- If your goal is to fly a lot, you can use “Round-the-world tickets”, which can cost about €3,000+ depending on the number of continents you want to visit. You can book through airtreks.com or flightcentre.com, but it's better if you can save miles through credit card sign-ups. This is more appropriate if you want to travel the world for a year and know where you want to go in advance. Using the above options and buying individual tickets still tends to work out cheaper most of the time though, and allows for more flexibility.
How to find cheap or free lodging
For those of you travelling very fast and moving around once every few days, travel will be more expensive, but you can reduce costs by getting last-minute prices on hotels on sites like laterooms.com, lastminute.com, hoteltonight.com, priceline.com, hotwire.com (name your price – you won't know where you'll stay until you've paid).
I can understand why people think long term travel is not possible for them, when they think it's a $1-200/night hotel stay, but the fact of the matter is that long term travellers do not tend to stay at hotels.
- Stay for free with couchsurfing, servas (reference letter required, mostly US senior travellers), hospitality club, globalfreeloaders (I use Couchsurfing a lot for its search feature to find language learning partners too)
- If you speak Esperanto, Pasportaservo.org is like the above sites with the only catch being that you communicate with your hosts in a language you can learn in a few weeks! (Here's how well my girlfriend did with just an hour a day for 6 weeks)
- Use wwoof.org (World Wide Opportunities on Organic Farms – about €20 per country membership – you work on a farm and get free accommodation, as well as the amazing experience)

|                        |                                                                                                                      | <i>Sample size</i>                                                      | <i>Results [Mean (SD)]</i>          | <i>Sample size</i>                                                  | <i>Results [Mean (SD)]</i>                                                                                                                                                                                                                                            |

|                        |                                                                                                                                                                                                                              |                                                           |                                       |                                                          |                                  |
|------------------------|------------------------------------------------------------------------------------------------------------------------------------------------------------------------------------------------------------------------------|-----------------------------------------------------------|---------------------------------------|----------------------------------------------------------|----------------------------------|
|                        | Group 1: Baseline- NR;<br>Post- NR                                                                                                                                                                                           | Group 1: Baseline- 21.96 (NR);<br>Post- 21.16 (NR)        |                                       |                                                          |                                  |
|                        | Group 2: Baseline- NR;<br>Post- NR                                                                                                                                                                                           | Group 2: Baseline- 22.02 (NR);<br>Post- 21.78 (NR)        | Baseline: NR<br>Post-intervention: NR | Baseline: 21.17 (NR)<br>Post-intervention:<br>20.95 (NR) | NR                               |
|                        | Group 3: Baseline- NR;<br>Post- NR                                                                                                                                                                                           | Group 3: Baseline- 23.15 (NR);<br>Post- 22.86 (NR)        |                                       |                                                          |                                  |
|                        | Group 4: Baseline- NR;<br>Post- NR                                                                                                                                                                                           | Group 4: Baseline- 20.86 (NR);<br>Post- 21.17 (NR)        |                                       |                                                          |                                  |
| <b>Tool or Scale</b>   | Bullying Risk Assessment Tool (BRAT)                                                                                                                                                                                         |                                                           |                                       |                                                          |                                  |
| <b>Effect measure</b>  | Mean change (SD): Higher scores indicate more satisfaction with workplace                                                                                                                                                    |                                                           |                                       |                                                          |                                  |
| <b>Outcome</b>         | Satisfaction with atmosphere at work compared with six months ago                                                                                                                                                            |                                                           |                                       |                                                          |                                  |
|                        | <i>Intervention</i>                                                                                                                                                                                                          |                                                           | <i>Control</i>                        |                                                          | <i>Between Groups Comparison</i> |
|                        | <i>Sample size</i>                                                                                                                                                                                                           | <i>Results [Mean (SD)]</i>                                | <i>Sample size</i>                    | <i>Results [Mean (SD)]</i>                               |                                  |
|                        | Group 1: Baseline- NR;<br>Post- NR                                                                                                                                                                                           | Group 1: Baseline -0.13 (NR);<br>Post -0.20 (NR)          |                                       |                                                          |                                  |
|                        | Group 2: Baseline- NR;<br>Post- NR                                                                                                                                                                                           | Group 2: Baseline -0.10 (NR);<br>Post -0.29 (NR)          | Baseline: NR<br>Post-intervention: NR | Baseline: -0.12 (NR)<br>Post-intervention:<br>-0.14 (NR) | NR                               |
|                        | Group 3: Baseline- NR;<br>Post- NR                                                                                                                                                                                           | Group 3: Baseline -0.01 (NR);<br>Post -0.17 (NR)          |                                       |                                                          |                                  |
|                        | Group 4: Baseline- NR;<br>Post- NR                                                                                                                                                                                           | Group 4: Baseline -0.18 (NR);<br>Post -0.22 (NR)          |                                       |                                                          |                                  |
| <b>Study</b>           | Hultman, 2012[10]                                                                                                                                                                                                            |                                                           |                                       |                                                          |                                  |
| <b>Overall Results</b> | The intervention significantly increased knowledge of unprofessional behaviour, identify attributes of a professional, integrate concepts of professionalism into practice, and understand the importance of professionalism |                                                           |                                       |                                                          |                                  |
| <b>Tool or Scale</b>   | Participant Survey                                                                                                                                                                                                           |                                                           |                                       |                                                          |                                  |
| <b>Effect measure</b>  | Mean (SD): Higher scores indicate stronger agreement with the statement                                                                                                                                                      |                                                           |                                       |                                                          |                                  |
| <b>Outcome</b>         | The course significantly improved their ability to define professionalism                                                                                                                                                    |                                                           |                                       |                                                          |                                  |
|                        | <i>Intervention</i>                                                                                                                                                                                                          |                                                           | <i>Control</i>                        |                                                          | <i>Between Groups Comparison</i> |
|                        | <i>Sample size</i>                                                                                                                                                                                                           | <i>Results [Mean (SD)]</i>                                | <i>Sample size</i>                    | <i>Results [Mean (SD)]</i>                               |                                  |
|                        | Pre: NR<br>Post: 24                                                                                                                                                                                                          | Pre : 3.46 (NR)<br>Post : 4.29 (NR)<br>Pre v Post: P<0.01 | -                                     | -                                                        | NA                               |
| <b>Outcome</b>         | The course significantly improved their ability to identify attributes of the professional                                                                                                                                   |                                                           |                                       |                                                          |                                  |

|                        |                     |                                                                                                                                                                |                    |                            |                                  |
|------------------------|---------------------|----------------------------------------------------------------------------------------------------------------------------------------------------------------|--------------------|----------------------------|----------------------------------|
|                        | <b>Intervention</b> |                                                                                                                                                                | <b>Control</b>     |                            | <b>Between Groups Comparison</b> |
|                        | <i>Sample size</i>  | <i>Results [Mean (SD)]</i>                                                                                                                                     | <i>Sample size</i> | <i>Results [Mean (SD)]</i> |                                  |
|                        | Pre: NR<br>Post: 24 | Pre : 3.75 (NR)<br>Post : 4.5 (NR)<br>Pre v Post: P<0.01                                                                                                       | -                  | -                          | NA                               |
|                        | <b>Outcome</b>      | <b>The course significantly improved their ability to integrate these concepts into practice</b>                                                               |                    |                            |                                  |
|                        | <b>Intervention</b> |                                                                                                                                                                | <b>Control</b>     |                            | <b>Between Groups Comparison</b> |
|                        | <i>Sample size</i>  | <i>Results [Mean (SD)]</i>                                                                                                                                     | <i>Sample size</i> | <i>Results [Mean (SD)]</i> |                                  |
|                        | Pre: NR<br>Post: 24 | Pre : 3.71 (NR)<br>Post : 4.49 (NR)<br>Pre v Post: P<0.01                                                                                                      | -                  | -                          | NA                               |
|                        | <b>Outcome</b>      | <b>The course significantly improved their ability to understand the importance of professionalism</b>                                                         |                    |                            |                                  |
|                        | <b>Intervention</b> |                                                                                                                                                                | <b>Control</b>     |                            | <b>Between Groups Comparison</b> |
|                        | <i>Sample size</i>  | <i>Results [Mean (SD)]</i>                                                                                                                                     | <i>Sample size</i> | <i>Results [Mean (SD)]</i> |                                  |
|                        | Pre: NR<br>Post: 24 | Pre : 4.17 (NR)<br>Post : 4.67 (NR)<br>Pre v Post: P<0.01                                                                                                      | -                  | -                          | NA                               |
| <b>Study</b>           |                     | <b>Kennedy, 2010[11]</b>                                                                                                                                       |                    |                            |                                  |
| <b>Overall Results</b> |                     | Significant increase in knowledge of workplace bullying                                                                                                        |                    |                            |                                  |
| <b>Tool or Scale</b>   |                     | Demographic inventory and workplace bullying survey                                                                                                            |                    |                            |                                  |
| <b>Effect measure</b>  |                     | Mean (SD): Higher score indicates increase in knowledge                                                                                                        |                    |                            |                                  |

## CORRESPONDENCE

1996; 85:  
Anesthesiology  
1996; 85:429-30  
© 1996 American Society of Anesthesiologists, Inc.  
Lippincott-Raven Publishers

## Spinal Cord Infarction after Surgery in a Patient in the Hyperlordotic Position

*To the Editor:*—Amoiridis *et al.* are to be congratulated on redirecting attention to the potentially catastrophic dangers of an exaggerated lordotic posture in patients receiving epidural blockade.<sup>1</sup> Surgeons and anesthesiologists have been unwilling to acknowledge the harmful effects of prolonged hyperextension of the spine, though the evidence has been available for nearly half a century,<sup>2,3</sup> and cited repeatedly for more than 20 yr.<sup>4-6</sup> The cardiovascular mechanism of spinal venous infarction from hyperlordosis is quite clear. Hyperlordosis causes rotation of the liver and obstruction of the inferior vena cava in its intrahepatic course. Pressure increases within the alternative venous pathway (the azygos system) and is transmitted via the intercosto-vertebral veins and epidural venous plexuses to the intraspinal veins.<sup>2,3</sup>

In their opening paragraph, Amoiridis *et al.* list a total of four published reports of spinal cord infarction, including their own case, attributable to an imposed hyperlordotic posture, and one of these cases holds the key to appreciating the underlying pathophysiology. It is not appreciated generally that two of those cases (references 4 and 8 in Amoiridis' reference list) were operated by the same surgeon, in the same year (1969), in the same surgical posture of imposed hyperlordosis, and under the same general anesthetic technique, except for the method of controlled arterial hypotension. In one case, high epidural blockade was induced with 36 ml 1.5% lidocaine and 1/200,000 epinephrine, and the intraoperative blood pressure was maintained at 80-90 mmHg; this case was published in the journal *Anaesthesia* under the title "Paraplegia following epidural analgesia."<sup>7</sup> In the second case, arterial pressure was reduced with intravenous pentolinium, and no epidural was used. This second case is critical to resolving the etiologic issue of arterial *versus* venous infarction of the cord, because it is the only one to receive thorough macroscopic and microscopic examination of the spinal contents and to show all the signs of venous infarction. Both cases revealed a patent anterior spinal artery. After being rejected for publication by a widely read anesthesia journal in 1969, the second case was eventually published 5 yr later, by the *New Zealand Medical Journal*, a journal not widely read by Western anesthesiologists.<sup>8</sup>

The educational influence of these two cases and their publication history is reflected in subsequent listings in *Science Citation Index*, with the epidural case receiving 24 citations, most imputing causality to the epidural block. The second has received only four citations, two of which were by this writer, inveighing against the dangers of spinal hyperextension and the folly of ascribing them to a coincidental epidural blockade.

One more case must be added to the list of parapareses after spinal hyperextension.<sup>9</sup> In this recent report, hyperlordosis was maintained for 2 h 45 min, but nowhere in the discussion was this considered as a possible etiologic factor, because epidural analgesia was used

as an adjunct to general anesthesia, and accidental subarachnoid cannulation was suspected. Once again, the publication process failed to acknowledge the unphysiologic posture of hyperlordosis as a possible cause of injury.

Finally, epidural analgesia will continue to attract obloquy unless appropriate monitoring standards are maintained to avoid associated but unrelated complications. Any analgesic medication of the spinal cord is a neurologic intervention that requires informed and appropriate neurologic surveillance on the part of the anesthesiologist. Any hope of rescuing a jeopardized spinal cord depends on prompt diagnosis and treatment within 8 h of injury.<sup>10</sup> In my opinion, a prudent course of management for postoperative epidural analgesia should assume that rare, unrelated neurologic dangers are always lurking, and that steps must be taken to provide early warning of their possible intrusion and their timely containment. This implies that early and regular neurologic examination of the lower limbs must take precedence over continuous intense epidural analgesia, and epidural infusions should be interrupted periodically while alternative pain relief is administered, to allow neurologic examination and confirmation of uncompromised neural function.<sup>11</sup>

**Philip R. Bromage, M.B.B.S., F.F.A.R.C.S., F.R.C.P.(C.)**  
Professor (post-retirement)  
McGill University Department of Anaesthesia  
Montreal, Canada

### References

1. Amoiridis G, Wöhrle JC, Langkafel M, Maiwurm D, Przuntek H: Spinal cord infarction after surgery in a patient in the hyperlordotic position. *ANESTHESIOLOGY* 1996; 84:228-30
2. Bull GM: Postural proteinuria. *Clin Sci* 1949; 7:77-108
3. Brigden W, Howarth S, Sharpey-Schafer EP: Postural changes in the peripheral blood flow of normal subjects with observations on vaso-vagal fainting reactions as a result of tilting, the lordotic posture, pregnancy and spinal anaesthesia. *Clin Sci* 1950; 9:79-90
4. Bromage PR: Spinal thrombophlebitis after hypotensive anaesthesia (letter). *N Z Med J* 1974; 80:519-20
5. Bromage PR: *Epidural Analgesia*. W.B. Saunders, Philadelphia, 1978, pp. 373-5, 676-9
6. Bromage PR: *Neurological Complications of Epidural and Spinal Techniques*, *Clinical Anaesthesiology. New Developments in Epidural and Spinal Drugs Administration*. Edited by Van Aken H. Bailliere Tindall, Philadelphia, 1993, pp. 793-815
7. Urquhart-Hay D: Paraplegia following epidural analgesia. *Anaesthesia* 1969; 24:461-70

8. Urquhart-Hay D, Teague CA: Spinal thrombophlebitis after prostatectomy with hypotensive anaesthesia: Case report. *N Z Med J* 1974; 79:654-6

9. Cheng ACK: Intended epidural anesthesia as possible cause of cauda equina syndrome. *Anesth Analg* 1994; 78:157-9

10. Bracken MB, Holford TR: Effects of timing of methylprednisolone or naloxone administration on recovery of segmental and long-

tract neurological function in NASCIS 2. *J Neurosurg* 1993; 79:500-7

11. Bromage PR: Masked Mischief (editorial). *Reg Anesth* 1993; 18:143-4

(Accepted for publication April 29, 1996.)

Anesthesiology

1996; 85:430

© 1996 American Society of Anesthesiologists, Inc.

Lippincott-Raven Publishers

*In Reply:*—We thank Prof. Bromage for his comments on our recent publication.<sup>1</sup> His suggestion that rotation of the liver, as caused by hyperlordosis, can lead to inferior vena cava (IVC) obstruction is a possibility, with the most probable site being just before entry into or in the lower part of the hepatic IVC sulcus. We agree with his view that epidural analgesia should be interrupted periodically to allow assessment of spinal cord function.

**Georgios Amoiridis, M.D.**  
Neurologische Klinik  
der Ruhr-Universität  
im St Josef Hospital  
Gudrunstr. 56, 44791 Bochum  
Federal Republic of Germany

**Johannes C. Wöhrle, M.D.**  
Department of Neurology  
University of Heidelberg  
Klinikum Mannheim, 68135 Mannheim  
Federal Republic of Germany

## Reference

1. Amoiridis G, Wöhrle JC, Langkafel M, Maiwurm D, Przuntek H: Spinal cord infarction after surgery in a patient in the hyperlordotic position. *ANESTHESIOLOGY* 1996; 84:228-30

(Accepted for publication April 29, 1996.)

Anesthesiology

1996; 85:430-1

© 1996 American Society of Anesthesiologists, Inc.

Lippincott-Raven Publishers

- House-sit at housecarers.com, mindmyhouse.com, caretaker.org – This is more suited to stays of a month or longer; you get free accommodation in exchange for keeping an eye on pets, gardens, and other chores.
- Stay in youth hostels – as low as just $5/night in countries like Thailand, cheaper across Europe. Find your options on hostelworld.com or hostelbookers.com.
- For stays of a few days or a few weeks, I highly recommend staying in a serviced apartment. For mid-range budgets this is my go-to choice. Find your home away from home on 9flats.com, airbnb.com, homeaway.com, roomorama.com, or wimdu.com.
- Go camping! You are only paying for the space and can access water, electricity and other services as required in specialized campsites for a fraction of the cost of alternatives.
- Here is more on how I find accommodation while travelling
How to work while travelling
Most people think they have to save their pennies for months or years in advance until they have “enough” money to travel and live off of for a while. Unfortunately, this can only last you so long (unless you have won the lottery, in which case send a donation my way! 😛 ). The fact is that you can earn while on the road.
There are two ways to do this:
1) Get a job on-location
If you are an EU citizen you can do this automatically in any other countries in the EU. In most other situations though, you need to obtain a visa in advance.
As an Irish citizen, I got a J1-visa to work in America twice when I was a student (this was part of the 6 months of travel I did before my 11-years-non-stop travel, so I am actually approaching 12 years depending on how you count it…) I applied for this through the Irish organization USIT. They also offer Irish people working visas in many other countries. Your country may have an equivalent service.